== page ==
Louth Eye
 A guide to Louth in Lincolnshire since 2004

Round-Up: Authors Condemn Library Cuts

November 9th 2013

Jonathan L. Howard

Jonathan L. Howard defends libraries

Adrian Faulkner

Adrian Faulkner speaks out

Alf Ludlam and Phil Eldridge

Alf Ludlam and Phil Eldridge

It can be easy to forget that we live in a little provincial bubble in Lincolnshire. The campaign to save Lincolnshire's libraries from drastic cuts has had quite a lot of attention in our regional media, both in the papers and on the local TV and radio news. However, this issue hasn't gained the national attention it deserves, as I learned when I went to World Fantasy Convention in Brighton over the weekend. WFC is a large convention of people who work in speculative fiction publishing, with authors like Trudi Canavan, Joe Abercrombie, Neil Gaiman, Robin Hobb and Terry Pratchett in attendance.

So I got the chance to speak to tons of authors there, and I told many of them about the situation with Lincolnshire's libraries. And when I did so, jaws dropped in shock at the sheer scale of the cuts. These were writing professionals who would be more likely than most to follow library news, so this was confirmation for me that news of our proposed library cuts, drastic and scandalous though they are, hadn't reached a national audience. However, every single person I spoke to about them condemned what was happening.

After the convention was over, many of them took to social media to express their outrage. Adrian Tchaikovsky, author of the Shadows Of The Apt series published by Tor, tweeted "I learned to love reading at Horncastle Library. Save Lincolnshire's libraries!"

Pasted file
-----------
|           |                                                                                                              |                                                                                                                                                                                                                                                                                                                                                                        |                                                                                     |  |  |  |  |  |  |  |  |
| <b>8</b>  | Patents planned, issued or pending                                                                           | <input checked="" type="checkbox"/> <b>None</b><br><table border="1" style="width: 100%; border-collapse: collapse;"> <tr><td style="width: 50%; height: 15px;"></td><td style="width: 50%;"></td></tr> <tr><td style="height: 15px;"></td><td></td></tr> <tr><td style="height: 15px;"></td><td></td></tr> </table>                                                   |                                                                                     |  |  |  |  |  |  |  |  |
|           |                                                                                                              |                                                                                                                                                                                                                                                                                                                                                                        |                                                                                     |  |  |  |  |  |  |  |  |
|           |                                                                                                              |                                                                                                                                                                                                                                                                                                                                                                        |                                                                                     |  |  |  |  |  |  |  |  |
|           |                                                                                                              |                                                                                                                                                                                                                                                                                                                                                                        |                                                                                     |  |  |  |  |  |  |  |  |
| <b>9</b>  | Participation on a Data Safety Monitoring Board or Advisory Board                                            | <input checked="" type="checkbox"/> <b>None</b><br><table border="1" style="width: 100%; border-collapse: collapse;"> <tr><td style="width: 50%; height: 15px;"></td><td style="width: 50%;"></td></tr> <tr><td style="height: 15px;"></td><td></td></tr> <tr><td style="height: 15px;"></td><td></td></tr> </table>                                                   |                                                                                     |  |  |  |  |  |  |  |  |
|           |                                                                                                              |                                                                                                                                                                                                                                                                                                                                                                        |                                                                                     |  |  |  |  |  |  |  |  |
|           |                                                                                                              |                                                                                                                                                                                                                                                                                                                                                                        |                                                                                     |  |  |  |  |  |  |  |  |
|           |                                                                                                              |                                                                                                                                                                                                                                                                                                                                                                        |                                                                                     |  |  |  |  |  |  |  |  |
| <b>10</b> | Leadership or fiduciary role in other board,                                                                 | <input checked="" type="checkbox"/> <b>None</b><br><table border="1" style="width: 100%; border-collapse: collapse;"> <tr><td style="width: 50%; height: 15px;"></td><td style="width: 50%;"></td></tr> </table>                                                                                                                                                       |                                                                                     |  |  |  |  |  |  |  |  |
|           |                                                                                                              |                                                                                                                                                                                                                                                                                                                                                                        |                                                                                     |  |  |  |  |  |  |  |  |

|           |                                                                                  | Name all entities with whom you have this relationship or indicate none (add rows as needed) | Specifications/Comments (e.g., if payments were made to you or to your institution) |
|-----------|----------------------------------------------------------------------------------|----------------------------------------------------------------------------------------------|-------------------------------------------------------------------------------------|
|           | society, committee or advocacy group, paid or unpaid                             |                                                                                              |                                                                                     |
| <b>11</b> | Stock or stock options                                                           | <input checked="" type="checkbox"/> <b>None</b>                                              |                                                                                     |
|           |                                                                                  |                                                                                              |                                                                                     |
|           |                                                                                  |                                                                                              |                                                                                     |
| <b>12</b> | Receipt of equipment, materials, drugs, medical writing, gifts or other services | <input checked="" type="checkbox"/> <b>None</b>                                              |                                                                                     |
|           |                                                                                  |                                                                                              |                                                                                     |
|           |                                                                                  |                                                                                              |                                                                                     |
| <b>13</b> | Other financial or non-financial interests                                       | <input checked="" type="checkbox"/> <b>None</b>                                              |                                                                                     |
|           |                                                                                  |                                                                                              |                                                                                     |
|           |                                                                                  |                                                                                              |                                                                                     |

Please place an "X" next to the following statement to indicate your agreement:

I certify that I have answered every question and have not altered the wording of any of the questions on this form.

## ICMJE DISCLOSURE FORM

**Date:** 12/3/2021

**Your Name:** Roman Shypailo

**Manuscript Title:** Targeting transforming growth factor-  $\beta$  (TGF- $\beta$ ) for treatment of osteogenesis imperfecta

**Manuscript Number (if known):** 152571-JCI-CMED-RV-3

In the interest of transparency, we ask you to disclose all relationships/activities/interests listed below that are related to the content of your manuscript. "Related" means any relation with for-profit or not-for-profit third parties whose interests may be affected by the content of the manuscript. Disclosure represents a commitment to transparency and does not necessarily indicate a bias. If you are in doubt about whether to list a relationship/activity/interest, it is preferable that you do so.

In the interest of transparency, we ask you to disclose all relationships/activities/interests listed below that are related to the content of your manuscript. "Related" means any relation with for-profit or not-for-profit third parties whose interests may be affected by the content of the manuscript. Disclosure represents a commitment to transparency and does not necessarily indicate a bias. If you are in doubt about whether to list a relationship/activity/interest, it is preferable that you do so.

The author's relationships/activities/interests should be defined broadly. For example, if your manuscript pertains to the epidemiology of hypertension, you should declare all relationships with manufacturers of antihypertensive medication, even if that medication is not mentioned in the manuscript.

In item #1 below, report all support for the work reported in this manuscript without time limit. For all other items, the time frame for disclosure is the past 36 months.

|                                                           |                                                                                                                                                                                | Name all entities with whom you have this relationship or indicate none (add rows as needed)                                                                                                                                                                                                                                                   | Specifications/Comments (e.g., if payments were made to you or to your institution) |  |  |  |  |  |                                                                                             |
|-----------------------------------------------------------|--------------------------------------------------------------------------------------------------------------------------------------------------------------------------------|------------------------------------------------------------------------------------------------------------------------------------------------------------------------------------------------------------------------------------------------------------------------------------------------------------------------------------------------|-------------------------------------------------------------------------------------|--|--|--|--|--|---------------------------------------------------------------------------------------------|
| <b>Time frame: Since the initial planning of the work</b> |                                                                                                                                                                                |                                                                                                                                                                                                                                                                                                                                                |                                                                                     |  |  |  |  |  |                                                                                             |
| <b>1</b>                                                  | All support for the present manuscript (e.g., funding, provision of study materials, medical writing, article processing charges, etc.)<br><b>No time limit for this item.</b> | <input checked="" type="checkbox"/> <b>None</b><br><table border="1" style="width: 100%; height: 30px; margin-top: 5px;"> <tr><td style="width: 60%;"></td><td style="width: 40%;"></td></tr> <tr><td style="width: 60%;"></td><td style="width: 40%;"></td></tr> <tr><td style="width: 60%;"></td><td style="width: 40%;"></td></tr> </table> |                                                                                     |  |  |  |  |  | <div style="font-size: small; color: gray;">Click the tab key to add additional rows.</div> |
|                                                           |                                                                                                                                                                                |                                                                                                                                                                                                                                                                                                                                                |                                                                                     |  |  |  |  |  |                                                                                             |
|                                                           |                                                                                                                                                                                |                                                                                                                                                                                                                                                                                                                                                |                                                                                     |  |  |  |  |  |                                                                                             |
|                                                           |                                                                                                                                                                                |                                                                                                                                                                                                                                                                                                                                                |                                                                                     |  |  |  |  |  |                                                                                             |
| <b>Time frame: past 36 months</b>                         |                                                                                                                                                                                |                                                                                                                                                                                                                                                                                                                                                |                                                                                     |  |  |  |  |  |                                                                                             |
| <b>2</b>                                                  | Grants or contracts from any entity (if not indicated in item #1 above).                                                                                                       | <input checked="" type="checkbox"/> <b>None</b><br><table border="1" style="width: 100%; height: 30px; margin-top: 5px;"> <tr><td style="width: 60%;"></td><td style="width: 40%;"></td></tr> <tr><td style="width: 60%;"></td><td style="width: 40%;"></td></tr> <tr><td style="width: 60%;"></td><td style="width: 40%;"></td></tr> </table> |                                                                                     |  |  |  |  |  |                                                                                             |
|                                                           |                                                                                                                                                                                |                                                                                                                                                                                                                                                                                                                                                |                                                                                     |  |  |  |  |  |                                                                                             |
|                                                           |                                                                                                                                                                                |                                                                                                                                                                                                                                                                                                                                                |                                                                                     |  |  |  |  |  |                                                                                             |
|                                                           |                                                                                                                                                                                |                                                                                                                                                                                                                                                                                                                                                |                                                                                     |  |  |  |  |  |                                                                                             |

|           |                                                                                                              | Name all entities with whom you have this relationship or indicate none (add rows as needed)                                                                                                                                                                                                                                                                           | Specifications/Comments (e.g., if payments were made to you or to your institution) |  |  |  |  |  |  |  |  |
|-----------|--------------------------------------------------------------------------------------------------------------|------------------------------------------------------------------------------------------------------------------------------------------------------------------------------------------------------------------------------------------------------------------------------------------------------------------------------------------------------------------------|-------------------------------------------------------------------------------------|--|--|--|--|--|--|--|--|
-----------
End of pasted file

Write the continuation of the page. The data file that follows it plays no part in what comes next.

"Unconscionable short term thinking at its worst." is how Jonathan L. Howard described the proposed cuts. Jonathan used to be a librarian, before becoming an acclaimed video game designer and the author of the Johannes Cabal series, published by Headline, as well as penning the Russalka series published by Strange Chemistry. He wrote: "If it hadn't been for my local library, I don't know if I'd have become a writer. They're so important."

Short story writer Glen Mehn condemned the "astounding & terrible cuts", whilst Adam Dalton recalled Neil Gaiman's comparison of closing libraries with stopping vaccinations. "We're all gonna get sick", Dalton tweeted.

Incidentally, whilst I'm in full name-drop mode, I did manage to talk to Neil Gaiman very briefly during WFC. I thanked him for promoting Save Lincolnshire Libraries, and he encouraged me to keep up the campaign.

"I <3 libraries, & any lost saddens me" tweeted Suzanne McLeod, author of the Spellcrackers urban fantasy series.

"Another fight to save libraries is happening now, in Lincolnshire", Emma Newman tweeted. Emma has been involved in a campaign to save her local library in Somerset. It's desperately sad that what we're experiencing in Lincolnshire is being echoed in so many other places around the country. Emma is the author of the Split Worlds series of contemporary bad fairies, published by Angry Robot. I have it on good authority that bad fairies are the hot new publishing trend for 2014*.

Anne Lyle, author of the BFS Award-nominated Night's Masque series, tweeted "I owe my writing career in large part to small local libraries, esp in my home county of Notts (next door to Lincs)".

Gareth L Powell, author of the Hive Monkey books, offered this tweet of support: "Libraries are under threat in Lincolnshire. If you'd like to protest against closures, please support @savelincslibs".